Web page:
Nasuti squeezes lime over ono before finishing the poisson cru.

Alvarado’s lovely to see, lovely to sip “Hula Ahi (Firedance),” a blend of mango puree, orange juice and tequila, with the heat of jalapeño and a rim of li hing powder.

Alvarado also created his “HibisKiss,” incorporating Absolut Hibiskus and housemade hibiscus syrup, and at the end of the evening, guests were sent home with a sampling of the hibiscus syrup, as well as recipe to make it.

Photo courtesy of Tiki's Grill & Bar
In a Facebook post dated Aug. 21, Tiki’s Grill & Bar welcomed “Project Runway’s” Tim Gunn as a guest. Speculation is that he was in town to check on the progress of Hawaii designer Kini Zamora prior to New York Fashion Week, which began today.

So, what can we deduce in light of a number of Tim Gunn sightings around town? I’m sorry, but a person who dresses like Tim Gunn isn’t likely to remain incognito long when he pops up in Waikiki. And I really don’t think he’s here for the beach.

Gunn, of course, is the mentor to the competing designers in Lifetime television’s “Project Runway.” And one of our own, designer Kini Zamora, is still in the game.

Those familiar with the series know up to five finalists are sent home to create Fashion Week-worthy collections, and Gunn typically heads out for hometown visits to make sure the designers are on track. This takes place a few weeks before they are due back in New York City for Fashion Week and the show’s finale.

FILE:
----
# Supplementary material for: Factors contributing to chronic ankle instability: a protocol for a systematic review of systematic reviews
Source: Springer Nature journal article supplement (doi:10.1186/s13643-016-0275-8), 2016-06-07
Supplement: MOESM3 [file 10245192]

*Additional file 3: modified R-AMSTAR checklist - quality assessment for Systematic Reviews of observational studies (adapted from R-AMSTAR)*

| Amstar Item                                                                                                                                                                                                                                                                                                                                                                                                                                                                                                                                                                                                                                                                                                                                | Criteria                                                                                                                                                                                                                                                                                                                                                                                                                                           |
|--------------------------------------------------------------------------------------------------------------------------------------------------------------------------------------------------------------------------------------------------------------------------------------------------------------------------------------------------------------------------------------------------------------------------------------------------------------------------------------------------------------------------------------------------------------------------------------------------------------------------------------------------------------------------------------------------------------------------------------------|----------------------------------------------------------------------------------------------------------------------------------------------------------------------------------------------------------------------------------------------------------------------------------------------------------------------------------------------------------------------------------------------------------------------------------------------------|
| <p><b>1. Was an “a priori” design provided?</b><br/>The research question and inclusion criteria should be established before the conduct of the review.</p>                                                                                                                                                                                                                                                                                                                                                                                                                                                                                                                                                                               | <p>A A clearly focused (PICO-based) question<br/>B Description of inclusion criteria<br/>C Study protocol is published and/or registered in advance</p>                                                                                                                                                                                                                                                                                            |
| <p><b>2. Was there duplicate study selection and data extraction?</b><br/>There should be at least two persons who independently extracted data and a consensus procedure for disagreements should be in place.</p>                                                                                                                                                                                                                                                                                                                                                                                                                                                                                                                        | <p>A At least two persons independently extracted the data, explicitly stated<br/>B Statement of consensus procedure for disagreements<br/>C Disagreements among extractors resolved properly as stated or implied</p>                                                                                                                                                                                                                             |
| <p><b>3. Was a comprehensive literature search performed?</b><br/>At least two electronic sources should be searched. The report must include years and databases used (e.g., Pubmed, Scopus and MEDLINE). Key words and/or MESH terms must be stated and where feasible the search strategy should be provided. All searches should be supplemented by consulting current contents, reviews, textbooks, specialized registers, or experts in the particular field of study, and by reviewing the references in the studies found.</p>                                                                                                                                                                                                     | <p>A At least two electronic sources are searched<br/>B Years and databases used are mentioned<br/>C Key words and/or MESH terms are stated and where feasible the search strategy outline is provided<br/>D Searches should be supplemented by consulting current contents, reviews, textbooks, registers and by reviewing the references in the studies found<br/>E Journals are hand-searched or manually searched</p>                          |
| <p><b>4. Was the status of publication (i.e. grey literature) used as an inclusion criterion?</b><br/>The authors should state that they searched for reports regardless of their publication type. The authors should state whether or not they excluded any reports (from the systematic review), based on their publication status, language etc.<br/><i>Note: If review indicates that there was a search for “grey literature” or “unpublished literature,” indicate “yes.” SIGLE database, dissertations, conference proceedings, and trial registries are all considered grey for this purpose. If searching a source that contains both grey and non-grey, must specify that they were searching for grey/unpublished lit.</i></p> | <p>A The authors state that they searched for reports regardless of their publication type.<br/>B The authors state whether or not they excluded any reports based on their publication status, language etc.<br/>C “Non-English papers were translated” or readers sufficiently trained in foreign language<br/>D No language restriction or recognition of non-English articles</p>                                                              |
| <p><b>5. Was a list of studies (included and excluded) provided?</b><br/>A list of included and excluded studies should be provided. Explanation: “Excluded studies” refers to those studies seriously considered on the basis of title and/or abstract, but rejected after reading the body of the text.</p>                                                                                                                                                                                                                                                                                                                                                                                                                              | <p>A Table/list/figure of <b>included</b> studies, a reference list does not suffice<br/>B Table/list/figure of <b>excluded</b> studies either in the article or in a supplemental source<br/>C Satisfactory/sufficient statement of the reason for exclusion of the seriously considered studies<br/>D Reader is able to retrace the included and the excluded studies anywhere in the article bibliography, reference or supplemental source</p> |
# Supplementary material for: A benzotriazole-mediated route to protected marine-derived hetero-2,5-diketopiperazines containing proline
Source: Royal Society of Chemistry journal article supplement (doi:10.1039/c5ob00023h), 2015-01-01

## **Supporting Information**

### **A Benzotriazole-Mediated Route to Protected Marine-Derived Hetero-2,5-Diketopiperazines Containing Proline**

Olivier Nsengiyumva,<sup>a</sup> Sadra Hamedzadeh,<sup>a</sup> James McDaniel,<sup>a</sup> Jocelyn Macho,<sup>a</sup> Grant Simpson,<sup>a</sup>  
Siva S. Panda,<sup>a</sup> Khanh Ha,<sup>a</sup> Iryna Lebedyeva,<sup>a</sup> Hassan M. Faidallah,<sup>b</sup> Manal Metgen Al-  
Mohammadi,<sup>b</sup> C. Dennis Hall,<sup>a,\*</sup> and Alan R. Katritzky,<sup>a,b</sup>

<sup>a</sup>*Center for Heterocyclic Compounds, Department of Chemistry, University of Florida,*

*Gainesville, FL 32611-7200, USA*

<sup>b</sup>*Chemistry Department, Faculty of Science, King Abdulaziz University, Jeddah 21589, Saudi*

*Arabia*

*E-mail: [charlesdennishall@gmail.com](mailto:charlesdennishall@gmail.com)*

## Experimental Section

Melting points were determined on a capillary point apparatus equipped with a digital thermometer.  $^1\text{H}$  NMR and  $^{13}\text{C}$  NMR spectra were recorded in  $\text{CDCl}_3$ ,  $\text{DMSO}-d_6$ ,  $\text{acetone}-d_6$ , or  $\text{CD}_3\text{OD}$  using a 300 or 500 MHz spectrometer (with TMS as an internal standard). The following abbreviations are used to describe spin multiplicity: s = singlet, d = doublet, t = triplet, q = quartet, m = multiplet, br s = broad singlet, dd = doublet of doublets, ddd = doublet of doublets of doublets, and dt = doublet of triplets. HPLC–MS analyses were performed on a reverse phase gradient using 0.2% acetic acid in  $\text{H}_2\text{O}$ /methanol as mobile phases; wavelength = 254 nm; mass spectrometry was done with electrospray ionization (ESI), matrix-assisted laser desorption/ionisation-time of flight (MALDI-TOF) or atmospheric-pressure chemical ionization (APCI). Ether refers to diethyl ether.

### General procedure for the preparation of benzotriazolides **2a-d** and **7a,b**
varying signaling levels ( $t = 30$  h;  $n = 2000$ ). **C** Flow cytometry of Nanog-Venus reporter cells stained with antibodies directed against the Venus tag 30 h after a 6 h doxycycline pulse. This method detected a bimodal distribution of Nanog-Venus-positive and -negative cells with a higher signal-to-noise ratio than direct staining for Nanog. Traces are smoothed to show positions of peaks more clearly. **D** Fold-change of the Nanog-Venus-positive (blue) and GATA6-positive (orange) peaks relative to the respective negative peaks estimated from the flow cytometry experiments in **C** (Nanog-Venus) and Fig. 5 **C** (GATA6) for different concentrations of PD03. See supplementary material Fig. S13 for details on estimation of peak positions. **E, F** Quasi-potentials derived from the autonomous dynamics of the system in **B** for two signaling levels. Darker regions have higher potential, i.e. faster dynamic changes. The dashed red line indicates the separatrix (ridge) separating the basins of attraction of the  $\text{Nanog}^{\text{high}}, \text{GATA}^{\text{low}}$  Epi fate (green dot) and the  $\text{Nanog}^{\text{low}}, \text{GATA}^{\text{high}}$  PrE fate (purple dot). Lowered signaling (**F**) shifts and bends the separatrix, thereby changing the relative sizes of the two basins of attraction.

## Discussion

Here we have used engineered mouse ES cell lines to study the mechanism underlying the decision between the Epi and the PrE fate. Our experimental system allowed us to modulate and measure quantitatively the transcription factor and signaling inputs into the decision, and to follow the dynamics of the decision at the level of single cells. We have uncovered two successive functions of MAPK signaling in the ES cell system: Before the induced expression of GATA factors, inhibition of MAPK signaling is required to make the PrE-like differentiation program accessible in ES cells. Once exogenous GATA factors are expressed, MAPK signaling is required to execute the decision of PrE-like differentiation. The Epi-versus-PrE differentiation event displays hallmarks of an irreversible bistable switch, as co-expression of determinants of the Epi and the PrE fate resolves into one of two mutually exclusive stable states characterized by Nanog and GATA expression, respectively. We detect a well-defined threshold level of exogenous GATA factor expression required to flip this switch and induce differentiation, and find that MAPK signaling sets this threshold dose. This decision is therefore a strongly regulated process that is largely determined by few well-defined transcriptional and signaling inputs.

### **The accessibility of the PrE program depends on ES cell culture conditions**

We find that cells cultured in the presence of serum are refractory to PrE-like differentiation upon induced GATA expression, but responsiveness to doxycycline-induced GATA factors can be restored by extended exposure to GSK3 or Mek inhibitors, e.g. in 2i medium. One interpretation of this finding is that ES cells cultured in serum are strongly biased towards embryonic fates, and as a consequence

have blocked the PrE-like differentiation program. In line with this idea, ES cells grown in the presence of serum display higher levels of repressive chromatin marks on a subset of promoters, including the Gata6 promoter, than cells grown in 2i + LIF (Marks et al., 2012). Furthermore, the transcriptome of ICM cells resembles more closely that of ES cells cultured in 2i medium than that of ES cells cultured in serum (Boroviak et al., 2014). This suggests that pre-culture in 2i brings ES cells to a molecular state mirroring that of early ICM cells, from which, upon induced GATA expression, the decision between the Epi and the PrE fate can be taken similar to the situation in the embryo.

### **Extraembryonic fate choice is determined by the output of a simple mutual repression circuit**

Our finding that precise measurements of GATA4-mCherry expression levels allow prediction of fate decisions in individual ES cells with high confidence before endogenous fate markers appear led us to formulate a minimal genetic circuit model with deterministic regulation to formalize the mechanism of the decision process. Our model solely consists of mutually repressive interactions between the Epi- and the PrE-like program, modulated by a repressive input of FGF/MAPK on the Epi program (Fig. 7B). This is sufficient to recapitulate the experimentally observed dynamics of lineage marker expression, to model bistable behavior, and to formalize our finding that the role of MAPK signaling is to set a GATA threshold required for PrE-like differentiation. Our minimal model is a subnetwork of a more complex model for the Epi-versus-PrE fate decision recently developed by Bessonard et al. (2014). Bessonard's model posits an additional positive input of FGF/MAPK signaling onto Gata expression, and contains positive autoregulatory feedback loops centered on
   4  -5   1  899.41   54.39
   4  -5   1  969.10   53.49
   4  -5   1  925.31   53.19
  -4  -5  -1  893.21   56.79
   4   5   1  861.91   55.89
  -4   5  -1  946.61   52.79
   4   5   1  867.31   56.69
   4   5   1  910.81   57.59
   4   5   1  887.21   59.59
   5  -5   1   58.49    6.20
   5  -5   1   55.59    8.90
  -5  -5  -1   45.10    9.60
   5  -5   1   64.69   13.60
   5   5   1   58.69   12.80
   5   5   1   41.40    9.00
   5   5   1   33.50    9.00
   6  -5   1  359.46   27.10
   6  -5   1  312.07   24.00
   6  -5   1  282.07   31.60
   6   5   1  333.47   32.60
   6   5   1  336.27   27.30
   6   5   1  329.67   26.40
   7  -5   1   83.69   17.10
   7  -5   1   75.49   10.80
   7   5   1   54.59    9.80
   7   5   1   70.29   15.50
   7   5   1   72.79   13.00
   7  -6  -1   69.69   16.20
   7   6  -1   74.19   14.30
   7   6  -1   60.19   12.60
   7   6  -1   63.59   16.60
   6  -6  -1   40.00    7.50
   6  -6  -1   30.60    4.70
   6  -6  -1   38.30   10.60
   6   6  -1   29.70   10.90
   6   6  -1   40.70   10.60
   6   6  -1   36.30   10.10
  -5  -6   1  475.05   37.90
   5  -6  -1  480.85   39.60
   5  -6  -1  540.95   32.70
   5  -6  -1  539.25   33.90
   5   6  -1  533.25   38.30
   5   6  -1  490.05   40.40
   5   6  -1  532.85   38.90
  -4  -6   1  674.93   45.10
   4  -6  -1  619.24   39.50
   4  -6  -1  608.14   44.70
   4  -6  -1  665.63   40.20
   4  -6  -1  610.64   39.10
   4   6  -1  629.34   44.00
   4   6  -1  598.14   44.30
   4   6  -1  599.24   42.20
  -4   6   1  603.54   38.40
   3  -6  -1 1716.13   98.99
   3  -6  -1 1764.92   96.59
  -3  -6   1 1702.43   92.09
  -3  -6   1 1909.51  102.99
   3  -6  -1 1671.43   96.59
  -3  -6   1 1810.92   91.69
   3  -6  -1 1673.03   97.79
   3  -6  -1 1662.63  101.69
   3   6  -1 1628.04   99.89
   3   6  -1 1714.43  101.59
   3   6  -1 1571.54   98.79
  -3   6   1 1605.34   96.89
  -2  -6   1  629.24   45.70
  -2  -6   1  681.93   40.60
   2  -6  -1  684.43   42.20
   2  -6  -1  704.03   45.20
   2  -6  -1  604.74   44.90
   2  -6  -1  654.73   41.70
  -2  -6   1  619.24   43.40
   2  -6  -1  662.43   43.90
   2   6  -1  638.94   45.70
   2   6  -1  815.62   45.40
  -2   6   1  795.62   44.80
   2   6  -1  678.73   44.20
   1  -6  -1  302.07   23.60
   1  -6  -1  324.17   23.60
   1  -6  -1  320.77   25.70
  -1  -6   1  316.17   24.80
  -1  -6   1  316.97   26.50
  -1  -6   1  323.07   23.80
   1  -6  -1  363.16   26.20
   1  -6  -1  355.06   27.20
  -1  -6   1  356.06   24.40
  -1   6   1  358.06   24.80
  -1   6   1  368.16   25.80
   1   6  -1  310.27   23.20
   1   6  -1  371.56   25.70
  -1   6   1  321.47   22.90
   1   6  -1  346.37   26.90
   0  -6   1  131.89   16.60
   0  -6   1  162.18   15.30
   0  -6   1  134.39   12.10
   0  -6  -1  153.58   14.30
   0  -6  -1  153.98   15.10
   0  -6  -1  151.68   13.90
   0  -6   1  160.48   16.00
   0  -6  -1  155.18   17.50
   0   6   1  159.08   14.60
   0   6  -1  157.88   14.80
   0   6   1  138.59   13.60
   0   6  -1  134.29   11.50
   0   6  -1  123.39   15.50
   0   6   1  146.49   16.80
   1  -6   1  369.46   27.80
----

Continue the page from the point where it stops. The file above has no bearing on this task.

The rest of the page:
There are usually three finalists, with one or two more designers thrown into the mix to act as decoys to keep the suspense factor high.

The New York shows started today and the “Project Runway” show is slated to take place tomorrow at 4 a.m. Hawaii time (10 a.m. EST). I managed to get a couple of people into the show in my place and they promised to send photos.

With many media outlets covering the event, we’ll see every collection, though we won’t know the placements of the designers until the show’s finale. I really wish they would time the episodes to coincide with the fashion shows in real time, like they did in the very first season. Otherwise, the finale becomes a bit anticlimactic.

Meanwhile, keep up with official Mercedes Benz Fashion Week happenings at

Nadine Kam is Style Editor and staff restaurant critic at the Honolulu Star-Advertiser; her coverage in print on Wednesdays and Thursdays. Contact her via email at and follow her onTwitter, Instagram and Rebel Mouse.